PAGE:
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Phase II trial of copper depletion as angiosuppressive treatment in newly diagnosed Glioblastoma Multiforme: Final report.

Al Musella's Comments: (This is his personal views and are not necessarily the views of the Musella Foundation!)


Posted on: 06/08/2004

Phase II trial of copper depletion as angiosuppressive treatment in newly diagnosed Glioblastoma Multiforme: Final report.

Meeting: 2004 ASCO Annual Meeting
Category: Central Nervous System Tumors
SubCategory: CNS Tumors
Abstract No: 1530

Author(s): S. Brem, S. A. Grossman, K. A. Carson, P. New, S. Phuphanich, J. B. Alavi, T. Mikkelsen, R. Priet; NABTT CNS Consortium, Baltimore, MD

Background: Penicillamine is an oral agent used to treat intracerebral copper overload in Wilson's disease. Copper is a known regulator of angiogenesis; copper reduction inhibits experimental glioma growth and invasiveness. This study examined the feasibility, safety, and efficacy of copper deficiency in human glioblastoma multiforme.

Methods: Forty eligible patients with newly diagnosed glioblastoma began concurrent radiation therapy (6000 cGy) in conjunction with a low copper diet and gradual dose escalation of penicillamine. Serum copper was measured at baseline and monthly. The primary endpoint was overall survival compared to controls in the NABTT database.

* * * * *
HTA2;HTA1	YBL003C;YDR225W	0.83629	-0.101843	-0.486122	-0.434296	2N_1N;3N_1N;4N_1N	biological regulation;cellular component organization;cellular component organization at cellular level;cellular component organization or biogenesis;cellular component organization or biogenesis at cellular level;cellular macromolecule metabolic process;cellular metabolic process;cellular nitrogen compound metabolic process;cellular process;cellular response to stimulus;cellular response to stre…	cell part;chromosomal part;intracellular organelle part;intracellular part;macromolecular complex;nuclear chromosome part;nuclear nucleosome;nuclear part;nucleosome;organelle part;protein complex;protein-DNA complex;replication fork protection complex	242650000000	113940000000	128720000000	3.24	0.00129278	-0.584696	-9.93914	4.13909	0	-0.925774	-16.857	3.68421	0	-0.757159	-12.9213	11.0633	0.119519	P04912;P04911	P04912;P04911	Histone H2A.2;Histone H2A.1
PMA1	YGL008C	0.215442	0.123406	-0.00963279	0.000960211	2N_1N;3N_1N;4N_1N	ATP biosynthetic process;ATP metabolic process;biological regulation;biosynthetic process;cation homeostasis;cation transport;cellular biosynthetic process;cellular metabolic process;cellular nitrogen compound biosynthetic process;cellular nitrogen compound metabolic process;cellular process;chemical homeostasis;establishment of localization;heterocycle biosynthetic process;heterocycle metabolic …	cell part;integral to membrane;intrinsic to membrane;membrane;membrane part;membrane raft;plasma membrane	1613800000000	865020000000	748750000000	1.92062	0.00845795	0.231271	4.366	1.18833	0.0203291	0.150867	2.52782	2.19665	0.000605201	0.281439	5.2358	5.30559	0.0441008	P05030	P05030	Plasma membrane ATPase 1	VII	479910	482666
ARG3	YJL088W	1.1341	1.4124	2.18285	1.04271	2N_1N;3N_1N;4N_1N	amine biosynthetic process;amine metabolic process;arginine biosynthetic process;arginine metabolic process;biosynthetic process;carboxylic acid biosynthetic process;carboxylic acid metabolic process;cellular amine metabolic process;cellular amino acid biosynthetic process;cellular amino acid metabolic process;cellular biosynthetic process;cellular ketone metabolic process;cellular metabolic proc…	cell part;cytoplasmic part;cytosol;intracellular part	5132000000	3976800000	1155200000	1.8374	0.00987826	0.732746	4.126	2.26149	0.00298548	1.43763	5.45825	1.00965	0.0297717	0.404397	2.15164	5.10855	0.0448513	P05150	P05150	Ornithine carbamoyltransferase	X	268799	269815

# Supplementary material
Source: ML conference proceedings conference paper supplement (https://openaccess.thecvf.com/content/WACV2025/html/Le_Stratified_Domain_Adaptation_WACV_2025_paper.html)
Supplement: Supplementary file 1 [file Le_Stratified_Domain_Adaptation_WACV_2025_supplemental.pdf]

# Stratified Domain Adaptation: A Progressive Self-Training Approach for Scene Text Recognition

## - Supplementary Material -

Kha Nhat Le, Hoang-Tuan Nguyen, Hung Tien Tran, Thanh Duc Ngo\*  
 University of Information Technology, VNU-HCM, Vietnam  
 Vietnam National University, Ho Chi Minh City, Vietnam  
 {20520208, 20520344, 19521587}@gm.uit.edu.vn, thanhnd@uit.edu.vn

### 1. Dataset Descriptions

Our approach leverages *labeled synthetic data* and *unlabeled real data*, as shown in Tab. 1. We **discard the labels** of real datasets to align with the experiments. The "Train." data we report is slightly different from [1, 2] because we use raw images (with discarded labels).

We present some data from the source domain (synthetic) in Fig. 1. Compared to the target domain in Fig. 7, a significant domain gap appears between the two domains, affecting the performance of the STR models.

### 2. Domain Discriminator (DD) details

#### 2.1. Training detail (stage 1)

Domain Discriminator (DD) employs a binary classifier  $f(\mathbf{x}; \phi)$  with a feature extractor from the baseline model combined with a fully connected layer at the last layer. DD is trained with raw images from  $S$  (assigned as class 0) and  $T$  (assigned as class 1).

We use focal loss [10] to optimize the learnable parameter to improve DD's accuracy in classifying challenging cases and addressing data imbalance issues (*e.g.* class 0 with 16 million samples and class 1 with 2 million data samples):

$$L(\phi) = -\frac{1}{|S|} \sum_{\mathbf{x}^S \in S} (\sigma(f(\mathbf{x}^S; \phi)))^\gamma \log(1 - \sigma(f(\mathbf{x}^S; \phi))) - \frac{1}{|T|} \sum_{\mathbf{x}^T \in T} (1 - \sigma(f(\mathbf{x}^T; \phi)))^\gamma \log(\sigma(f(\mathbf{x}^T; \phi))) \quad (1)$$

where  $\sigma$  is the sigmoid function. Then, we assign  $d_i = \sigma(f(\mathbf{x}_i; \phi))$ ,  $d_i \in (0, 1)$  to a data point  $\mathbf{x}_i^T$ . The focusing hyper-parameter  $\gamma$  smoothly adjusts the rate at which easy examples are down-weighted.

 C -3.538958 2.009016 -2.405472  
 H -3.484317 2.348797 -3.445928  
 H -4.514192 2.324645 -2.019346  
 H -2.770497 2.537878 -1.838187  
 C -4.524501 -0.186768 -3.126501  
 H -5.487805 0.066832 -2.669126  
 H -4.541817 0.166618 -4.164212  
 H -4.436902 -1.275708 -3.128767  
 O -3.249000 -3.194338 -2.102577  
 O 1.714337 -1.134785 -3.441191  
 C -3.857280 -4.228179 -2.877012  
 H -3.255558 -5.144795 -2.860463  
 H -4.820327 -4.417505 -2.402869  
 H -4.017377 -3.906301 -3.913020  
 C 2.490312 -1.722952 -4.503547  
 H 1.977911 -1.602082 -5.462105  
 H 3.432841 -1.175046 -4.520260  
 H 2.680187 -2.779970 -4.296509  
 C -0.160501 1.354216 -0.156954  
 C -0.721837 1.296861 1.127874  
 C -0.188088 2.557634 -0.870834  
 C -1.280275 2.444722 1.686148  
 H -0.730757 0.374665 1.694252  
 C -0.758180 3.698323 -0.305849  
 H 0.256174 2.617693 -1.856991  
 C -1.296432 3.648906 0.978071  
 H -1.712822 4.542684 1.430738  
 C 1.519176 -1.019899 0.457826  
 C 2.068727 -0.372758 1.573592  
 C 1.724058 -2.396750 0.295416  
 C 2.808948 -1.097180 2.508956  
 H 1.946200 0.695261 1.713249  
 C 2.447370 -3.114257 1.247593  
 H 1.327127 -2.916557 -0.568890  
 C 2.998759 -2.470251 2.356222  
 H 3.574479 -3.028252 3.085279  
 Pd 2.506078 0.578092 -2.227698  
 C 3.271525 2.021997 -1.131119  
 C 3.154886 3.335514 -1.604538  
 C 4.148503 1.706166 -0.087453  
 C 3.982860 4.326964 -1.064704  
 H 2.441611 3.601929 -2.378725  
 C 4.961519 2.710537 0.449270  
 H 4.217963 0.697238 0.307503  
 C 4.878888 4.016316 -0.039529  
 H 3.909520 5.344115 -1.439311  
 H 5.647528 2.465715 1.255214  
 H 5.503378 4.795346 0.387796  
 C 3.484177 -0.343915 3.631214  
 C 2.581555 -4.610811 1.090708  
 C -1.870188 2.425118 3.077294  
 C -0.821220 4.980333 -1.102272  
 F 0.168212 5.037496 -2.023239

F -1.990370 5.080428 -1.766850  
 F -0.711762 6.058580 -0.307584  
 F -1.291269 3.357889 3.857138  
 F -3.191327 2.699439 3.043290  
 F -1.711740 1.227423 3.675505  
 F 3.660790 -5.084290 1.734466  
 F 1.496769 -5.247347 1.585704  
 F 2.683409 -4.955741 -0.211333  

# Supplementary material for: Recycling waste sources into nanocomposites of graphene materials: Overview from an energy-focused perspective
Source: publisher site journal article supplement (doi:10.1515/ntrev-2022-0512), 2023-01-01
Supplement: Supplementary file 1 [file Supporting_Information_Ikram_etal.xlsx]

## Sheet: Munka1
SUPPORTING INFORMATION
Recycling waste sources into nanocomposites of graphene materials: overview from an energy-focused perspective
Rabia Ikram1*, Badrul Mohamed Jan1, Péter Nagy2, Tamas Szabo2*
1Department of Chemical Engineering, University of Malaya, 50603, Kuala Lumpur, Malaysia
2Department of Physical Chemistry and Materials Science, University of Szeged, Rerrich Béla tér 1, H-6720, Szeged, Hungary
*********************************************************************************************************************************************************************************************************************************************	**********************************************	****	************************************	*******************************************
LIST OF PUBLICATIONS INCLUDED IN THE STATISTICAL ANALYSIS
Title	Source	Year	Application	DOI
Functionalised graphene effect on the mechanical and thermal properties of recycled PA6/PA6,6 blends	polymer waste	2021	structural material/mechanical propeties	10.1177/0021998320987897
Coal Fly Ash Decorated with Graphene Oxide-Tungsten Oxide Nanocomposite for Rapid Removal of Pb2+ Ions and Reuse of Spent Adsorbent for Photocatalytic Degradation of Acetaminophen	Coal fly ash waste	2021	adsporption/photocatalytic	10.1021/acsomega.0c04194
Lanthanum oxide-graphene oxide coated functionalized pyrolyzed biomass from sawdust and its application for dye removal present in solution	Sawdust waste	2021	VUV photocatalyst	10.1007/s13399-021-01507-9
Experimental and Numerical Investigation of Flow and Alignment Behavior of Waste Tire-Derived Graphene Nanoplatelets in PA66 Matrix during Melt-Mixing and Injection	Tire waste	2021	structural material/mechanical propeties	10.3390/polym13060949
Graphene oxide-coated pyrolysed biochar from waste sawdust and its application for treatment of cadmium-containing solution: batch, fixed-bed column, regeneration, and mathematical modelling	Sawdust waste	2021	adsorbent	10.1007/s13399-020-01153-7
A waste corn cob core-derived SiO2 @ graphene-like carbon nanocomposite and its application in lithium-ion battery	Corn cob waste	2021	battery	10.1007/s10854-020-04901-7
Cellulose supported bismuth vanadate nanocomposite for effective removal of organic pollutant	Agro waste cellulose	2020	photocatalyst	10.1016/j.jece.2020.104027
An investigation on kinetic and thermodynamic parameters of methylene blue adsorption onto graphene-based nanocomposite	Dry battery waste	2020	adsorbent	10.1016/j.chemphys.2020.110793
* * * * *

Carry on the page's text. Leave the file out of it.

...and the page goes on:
Results: Twenty-five males and 15 females were enrolled between March 1999 and April 2000. The median age was 54 years, the mean KPS was 88, and 83% received surgical debulking. The mean baseline serum copper level was 138.6 ± 31.6 µg/dL and generally fell to the target range of 50 - 70 µg/dL (57.5 ± 27.5) after two months. Hypocupremia was found to be well tolerated for months. Significant toxicities such as myelosuppression, elevated liver function values, and skin rash were rapidly reversed by copper repletion. The median survival was 11.3 months and the median progression-free survival was 7.1 months. Prolonged survival was related to age and extent of surgical resection, but not hypocupremia.

Conclusions: Although serum copper was effectively reduced by diet and penicillamine in patients with newly diagnosed glioblastoma multiforme who also received radiation, this antiangiogenesis strategy did not improve survival.

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